Book Image

Mastering Linux Shell Scripting

By : Andrew Mallett
Book Image

Mastering Linux Shell Scripting

By: Andrew Mallett

Overview of this book

Shell scripting is a quick method to prototype a complex application or a problem by automating tasks when working on Linux-based systems. Using both simple one-line commands and command sequences complex problems can be solved with ease, from text processing to backing up sysadmin tools. In this book, you’ll discover everything you need to know to master shell scripting and make informed choices about the elements you employ. Get to grips with the fundamentals of creating and running a script in normal mode, and in debug mode. Learn about various conditional statements' code snippets, and realize the power of repetition and loops in your shell script. Implement functions and edit files using the Stream Editor, script in Perl, program in Python – as well as complete coverage of other scripting languages to ensure you can choose the best tool for your project.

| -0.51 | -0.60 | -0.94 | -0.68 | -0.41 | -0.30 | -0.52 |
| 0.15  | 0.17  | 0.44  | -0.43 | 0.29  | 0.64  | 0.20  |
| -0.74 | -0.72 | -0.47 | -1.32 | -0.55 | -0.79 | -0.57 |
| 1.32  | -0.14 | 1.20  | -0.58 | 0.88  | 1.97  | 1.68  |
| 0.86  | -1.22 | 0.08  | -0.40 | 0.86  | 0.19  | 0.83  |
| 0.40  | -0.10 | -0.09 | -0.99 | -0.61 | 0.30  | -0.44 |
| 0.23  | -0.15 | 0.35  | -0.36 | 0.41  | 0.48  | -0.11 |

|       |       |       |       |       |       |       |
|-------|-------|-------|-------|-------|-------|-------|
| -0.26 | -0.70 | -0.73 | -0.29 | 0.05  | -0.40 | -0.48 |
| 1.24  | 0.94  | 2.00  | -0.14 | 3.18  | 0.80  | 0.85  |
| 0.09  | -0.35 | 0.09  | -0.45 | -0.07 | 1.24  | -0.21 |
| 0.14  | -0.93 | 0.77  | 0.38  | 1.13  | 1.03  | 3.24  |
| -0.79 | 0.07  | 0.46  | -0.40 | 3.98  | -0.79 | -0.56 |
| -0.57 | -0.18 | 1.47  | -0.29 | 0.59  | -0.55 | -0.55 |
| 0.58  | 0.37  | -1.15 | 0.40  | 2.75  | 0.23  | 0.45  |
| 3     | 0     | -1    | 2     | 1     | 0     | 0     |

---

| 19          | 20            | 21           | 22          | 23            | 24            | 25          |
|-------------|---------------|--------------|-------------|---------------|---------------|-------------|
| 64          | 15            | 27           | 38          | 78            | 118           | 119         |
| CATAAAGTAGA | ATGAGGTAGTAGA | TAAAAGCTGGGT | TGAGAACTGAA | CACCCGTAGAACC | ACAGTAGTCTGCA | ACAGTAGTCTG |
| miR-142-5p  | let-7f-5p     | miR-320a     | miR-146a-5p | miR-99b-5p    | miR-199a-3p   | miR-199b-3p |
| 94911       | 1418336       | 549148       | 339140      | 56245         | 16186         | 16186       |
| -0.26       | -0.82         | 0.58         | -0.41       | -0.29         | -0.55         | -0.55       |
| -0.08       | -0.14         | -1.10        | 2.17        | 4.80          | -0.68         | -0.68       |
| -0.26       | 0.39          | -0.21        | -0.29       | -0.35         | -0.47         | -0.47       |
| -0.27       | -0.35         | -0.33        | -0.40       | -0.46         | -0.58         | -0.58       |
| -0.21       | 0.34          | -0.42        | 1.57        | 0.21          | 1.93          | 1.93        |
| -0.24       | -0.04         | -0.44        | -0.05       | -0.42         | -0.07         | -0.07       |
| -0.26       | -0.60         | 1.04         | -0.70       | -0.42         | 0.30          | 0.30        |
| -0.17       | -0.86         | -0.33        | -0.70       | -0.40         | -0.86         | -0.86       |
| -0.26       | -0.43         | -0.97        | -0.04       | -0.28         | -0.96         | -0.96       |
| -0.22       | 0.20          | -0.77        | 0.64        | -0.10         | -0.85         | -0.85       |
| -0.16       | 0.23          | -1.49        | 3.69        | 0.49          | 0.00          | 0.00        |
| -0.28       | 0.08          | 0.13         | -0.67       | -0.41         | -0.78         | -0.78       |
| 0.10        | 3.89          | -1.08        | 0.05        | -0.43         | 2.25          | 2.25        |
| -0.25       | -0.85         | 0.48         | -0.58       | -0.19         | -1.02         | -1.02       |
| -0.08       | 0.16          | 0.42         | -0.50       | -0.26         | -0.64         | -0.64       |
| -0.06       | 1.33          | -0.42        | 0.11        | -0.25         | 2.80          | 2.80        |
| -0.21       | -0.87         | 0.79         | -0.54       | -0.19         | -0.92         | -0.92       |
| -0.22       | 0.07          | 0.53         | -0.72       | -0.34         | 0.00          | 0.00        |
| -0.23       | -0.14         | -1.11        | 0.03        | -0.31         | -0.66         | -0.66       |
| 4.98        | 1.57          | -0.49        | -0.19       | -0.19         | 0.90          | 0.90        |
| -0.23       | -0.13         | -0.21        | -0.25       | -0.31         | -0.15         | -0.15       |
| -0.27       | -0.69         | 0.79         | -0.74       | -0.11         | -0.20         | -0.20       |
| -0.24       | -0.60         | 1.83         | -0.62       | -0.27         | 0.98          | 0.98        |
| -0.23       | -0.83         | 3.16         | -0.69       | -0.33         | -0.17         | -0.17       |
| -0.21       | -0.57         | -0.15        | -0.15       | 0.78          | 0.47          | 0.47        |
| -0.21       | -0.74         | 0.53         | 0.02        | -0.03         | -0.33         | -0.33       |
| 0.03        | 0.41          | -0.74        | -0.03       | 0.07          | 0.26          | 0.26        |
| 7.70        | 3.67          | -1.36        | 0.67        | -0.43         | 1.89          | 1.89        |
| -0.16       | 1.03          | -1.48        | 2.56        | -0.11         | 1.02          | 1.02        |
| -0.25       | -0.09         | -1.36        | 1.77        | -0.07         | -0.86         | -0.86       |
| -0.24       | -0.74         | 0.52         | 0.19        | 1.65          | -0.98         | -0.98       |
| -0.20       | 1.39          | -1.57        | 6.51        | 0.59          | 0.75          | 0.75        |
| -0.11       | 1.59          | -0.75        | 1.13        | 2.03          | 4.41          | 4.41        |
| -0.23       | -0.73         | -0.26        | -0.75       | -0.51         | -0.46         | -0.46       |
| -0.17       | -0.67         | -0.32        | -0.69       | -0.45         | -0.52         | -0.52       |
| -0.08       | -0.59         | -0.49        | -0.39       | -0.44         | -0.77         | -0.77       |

Table of Contents (21 chapters)
Mastering Linux Shell Scripting
About the Author
About the Reviewer

Understanding the basics of sed

Having built a little foundation, we can now start to look at some of the operations of sed. The commands will be supplied with most Linux systems and are core commands.

We will dive directly into some simple examples:

$ sed 'p' /etc/passwd

The p operator will print the matched pattern. In this case, we have not specified a pattern so we will match everything. Printing the matched lines without suppressing STDOUT will duplicate lines. The result of this operation is to print all the lines in the passwd file twice. To suppress STDOUT, we use the -n option:

$ sed -n 'p' /etc/passwd

Brilliant!!We have just reinvented the cat command. We can now specifically work with just a range of lines:

$ sed -n '1,3 p ' /etc/passwd

Now we have reinvented the head command, but we can also specify the range in an RE to recreate the grep command:

$ sed -n '/^root/ p' /etc/passwd

We can see this demonstrated in the following screenshot:

Substituting command

We have seen the p command...